Keywords: model uncertainty, learning, robust policy, Bayesian model averaging, oil prices
    JEL: C52 E43 E58 E65
    Date: 2010–06–11
  22. By: Paul Levine (University of Surrey)
    Abstract: The past forty years or so has seen a remarkable transformation in macro-models used by central banks, policymakers and forecasting bodies. This papers describes this transformation from reduced-form behavioural equations estimated separately, through to contemporarymicro-founded dynamic stochastic general equilibrium (DSGE) models estimated by systems methods. In particular by treating DSGE models estimated by Bayesian-Maximum-Likelihood methods I argue that they can be considered as probability models in the sense described by Sims (2007) and be used for risk-assessment and policy design. This is true for any one model, but with a range of models on offer it is possible also to design interest rate rules that are simple and robust across the rival models and across the distribution of parameter estimates for each of these rivals as in Levine et al. (2008). After making models better in a number of important dimensions, a possible road ahead is to consider rival models as being distinguished by the model of expectations. This would avoid becoming 'a prisoner of a single system' at least with respect to expectations formation where, as I argue, there is relatively less consensus on the appropriate modelling strategy.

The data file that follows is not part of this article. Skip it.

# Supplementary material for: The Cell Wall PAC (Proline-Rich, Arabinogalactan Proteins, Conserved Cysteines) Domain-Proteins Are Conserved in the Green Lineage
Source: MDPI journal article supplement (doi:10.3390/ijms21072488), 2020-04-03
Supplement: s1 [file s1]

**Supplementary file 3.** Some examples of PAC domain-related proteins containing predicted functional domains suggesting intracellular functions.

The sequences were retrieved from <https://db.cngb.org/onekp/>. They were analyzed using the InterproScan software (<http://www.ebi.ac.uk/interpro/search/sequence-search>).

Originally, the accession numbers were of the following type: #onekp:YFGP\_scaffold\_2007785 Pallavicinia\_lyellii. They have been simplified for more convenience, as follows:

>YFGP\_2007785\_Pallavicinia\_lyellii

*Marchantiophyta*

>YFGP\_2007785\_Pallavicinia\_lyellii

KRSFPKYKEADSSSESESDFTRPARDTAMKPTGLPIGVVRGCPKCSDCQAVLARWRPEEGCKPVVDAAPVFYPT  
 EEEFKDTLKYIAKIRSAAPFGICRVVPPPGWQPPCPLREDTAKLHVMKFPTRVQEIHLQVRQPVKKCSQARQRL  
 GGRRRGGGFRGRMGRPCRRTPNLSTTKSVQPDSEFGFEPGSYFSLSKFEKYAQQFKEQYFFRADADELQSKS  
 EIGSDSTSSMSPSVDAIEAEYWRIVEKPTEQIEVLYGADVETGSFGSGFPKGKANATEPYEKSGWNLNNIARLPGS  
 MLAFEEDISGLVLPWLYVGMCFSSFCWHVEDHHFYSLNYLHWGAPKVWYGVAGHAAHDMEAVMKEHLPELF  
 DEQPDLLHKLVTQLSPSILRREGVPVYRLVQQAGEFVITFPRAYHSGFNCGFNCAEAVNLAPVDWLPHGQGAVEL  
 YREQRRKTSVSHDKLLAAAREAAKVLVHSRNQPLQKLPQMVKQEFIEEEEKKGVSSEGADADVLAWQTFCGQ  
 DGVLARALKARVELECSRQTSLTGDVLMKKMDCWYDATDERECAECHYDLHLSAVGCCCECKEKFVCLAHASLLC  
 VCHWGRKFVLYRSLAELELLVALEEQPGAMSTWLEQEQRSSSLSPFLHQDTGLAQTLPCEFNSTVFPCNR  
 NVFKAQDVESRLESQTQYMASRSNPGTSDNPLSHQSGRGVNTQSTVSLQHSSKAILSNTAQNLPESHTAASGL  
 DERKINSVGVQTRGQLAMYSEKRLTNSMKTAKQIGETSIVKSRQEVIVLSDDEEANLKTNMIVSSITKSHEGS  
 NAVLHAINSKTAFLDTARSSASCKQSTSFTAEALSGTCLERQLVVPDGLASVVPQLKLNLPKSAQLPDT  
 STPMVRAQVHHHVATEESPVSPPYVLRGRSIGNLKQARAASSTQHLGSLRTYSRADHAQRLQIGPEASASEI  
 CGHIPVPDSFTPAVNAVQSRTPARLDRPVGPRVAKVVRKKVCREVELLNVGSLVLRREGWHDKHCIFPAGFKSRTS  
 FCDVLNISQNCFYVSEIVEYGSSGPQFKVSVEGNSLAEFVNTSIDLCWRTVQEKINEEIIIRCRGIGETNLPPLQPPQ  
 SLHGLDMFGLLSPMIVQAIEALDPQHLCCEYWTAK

Keywords: structured uncertainty, DSGE models, robustness, Bayesian estimation, interest-rate rules
    JEL: E52 E37 E58
    Date: 2010–04
  23. By: Fernando Martin (Simon Fraser University); David Andolfatto (Simon Fraser University)
    Abstract: Conventional theory suggests that fiat money will have value in capitalpoor economies. We demonstrate that fiat money may also have value in capital-rich economies, if the price of capital is excessively volatile. Excess asset-price volatility is generated by news; information that has no social value, but is privately useful in forming forecasts over the short-run return to capital. One advantage of fiat money is that its expected return is not linked directly to news concerning the prospects of an underlying asset. When money and capital compete as media of exchange, excess volatility in the short-term returns of liquid asset portfolios is mitigated and welfare is improved. A legal restriction that prohibits the use of capital as a payment instrument renders the expected return to money perfectly stable and, as a consequence, may generate an additional welfare benefit.
    Keywords: fiat money, capital, news shocks
    JEL: E41 E42 E52
    Date: 2009–09
  24. By: John H. Cochrane